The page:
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OpenAI GPT System: What does it do?

By Ehud Reiter | June 25, 2020

Two contrasting machine learning approaches to NLG: OpenAI GPTs and Arria NLG

OpenAI has released several Generative Pretrained Transformer (GPT) systems (GPT, GPT-2, GPT-3), which have received a lot of media attention and are often described as Natural Language Generation (NLG) systems. However, GPT systems are very different from the kind of NLG done at Arria.

While Arria systems analyze data and generate narratives based on this analysis, GPT systems (at least in their basic form) completely ignore numeric data. Instead, they use technology similar to autocomplete systems to expand an initial text fragment (which can be just a few words) into a complete narrative.

Because GPT does not look at data about what is actually happening in the world, the narratives it generates are often pieces of fiction which bear little resemblance to the real world. This means that GPT is not well-suited to generating reports in areas such as finance and medicine, where accuracy is of paramount importance.

We can see this by looking at an example. I typed the sentence below as an initial text fragment into the online version of GPT-2 (

“COVID-19 deaths have been falling for the past 2 months.”

GPT-2 expanded my initial sentence into the following narrative:

“COVID-19 deaths have been falling for the past 2 months. Still, the number is still unacceptably high when contrasted to the 100 deaths reported for December. Only 21 of the reported deaths (7.75%) were found to have been cancer.”

This result is typical of GPT output:

  • It reads reasonably well.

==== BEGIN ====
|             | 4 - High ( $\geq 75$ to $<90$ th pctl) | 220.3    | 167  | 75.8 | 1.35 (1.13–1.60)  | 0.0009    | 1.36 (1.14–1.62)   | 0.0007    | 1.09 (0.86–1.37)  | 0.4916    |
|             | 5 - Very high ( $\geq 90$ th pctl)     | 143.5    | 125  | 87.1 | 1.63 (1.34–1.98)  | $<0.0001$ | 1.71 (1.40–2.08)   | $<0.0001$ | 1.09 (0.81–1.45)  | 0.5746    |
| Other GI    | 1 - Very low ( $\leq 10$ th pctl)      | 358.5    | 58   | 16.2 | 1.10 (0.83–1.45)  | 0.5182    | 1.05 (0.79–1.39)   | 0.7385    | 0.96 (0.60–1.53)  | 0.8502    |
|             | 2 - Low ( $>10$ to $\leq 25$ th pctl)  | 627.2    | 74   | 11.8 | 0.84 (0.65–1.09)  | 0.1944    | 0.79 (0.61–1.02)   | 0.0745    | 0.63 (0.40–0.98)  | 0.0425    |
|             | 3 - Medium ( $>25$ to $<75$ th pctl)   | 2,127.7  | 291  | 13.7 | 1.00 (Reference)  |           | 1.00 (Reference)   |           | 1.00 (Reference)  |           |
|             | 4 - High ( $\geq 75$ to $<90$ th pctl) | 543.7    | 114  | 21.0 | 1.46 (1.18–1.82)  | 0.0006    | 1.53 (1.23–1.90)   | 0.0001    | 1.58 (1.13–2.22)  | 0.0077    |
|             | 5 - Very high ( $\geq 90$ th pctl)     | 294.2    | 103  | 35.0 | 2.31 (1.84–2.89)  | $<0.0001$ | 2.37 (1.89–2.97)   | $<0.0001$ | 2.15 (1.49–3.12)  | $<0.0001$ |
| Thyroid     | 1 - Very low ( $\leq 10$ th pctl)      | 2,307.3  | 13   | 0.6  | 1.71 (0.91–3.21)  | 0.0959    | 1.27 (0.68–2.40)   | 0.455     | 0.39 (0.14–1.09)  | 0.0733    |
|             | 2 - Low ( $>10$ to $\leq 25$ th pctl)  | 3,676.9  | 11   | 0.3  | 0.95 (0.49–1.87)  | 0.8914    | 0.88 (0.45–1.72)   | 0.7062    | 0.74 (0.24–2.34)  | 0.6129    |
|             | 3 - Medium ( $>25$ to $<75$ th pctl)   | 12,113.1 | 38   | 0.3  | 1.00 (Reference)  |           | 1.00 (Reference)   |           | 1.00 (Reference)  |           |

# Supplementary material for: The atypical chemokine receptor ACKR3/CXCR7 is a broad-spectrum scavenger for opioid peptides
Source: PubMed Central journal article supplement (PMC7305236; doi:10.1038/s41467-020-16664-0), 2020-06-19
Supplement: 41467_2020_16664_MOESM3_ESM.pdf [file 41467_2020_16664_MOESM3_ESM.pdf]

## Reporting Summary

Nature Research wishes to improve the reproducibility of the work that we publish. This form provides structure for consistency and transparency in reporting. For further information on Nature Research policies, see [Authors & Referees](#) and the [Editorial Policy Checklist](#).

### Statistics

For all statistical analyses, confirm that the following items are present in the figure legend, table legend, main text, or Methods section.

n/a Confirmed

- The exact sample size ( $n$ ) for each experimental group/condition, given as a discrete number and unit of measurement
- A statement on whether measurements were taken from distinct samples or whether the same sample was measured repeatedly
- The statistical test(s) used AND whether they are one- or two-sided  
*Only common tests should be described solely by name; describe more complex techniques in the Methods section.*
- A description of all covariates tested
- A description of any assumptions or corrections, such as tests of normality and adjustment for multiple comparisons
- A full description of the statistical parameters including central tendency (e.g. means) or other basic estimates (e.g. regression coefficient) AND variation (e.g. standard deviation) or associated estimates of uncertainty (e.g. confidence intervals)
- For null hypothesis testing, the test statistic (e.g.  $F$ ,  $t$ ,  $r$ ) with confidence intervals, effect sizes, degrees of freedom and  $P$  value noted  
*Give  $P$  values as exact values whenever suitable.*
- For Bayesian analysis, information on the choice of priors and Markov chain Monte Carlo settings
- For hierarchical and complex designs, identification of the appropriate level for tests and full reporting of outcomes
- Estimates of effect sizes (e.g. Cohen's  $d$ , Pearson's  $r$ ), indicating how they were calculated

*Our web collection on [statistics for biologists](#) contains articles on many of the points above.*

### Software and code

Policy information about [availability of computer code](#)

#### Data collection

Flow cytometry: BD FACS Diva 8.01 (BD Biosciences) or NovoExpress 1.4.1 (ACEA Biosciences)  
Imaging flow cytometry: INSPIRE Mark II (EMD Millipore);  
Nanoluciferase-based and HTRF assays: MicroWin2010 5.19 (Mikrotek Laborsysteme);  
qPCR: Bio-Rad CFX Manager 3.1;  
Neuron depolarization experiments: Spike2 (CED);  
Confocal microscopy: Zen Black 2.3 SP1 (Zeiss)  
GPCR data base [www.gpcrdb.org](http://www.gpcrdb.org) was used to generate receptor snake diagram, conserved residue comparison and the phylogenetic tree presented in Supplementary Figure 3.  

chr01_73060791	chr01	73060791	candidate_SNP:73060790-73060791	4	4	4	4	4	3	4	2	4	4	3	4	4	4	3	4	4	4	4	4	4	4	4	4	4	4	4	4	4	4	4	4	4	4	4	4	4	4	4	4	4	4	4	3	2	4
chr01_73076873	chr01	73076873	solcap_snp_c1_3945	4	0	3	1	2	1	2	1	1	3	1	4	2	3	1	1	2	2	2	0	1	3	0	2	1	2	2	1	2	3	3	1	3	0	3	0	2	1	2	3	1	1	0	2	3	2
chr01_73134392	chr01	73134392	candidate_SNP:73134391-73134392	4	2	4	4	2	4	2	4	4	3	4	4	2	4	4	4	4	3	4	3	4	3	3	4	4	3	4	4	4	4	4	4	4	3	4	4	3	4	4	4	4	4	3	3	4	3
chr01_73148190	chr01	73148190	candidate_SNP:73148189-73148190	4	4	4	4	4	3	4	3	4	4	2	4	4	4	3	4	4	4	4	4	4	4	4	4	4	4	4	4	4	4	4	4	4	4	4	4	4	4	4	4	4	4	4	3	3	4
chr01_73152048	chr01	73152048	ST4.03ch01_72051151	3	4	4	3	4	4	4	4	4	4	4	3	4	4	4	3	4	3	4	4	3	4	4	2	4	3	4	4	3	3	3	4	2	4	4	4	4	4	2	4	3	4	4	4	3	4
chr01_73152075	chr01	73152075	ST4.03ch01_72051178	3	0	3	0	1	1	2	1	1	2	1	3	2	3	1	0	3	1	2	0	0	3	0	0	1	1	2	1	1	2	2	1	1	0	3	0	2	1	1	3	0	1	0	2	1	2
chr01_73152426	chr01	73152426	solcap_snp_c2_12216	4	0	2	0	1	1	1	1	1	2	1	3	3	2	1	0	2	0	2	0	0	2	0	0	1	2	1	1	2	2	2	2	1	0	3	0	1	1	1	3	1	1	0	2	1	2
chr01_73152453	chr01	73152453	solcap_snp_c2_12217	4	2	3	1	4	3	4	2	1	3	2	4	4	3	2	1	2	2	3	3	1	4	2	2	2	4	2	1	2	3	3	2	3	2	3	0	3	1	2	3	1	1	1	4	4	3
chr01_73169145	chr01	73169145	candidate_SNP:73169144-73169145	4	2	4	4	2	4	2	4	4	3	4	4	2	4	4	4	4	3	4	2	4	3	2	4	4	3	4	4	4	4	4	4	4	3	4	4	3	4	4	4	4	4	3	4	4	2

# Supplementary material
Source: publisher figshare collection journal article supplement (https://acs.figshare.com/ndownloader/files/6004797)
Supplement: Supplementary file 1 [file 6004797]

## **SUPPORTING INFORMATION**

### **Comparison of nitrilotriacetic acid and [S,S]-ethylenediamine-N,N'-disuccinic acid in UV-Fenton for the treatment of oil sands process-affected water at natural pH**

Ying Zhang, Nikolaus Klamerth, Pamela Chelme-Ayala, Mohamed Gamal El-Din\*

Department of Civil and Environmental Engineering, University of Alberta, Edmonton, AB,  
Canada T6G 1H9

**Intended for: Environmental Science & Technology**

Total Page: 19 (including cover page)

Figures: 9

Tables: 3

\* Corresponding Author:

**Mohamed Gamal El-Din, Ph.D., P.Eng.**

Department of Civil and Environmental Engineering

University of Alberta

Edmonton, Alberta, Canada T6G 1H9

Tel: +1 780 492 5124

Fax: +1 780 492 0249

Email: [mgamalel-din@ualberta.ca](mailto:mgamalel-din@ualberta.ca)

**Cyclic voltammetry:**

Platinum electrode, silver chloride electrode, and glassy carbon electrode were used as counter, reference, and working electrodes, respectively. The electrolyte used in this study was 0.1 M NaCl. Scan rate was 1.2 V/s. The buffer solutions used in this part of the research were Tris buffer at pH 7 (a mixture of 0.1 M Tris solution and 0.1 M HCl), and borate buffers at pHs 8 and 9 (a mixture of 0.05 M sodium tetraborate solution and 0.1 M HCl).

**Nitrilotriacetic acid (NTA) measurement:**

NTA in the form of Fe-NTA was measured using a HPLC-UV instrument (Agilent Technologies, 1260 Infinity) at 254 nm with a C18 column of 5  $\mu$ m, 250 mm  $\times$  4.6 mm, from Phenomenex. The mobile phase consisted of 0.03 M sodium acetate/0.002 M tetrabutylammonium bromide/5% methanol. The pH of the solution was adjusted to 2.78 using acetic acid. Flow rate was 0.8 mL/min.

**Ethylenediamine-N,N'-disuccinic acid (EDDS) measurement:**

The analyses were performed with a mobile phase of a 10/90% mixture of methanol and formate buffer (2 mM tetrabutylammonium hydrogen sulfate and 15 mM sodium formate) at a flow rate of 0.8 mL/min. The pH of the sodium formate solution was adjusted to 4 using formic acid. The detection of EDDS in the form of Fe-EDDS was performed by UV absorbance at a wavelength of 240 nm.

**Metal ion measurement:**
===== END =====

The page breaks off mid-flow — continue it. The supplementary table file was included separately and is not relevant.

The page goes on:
• Everything it says (except for the first sentence, which I provided) is factually wrong. For example, there were no COVID-19 deaths in December.

GPT generates narratives using a “language model”, which is common practice in autocomplete systems. The language model looks at the text so far, and computes which words are most likely to come next, based on an analysis of word patterns in English.

In conventional autocomplete, this is used to predict only a few words. For example, if I type “I will call you” into Google Gmail, its autocomplete suggests that the next word will be “tomorrow”, because “I will call you tomorrow” is a very common phrase in emails. Of course, I don’t have to accept this suggestion; I can reject it if it is not what I intended to type.

In GPT, the language model generates several sentences, not just a few words. In this case, it has learned (using “deep learning” neural networks that have been trained on Internet texts) that, when an initial sentence in a narrative talks about a falling death rate, the most common second sentence says that the death rate is still too high. But at no point does GPT-2 look at actual data about COVID death rates. Therefore, the content it generates (e.g., “100 deaths reported in December”) is of the correct type but bears no resemblance to what actually happened.

Arria’s systems, in contrast, are used to communicate insights about real-life data. For example, Arria’s COVID-19 Interactive Dashboard ( produced the following narrative:

New York is currently reporting 385,142 cases and 30,939 fatalities. During the past seven days, new cases have increased by 4,250, which represents a 15% decrease over cases confirmed during the previous week (5,023). The seven-day rolling average is 607 confirmed cases. As cases decline, we are also seeing a decline in deaths. Week over week there has been a 2% decrease in deaths (359) compared to last week (368).

This is very different from the GPT text above! The GPT text is essentially a well-written piece of fiction about COVID-19, while the Arria text accurately presents key insights about the spread of COVID-19.

There are places where the GPT approach is probably useful, including some computer game and chatbot contexts. But it is not useful if the goal is to accurately communicate real-world insights about data.

About the author: Arria Chief Scientist, Prof. Ehud Reiter, is a pioneer in the science of Natural Language Generation (NLG) and one of the world’s foremost authorities in the field of NLG. He is responsible for the overall direction of Arria’s core technology development as well as supervision of specific NLG projects. He is Professor of Computing Science in the University of Aberdeen School of Natural and Computing Sciences. Visit his blog here.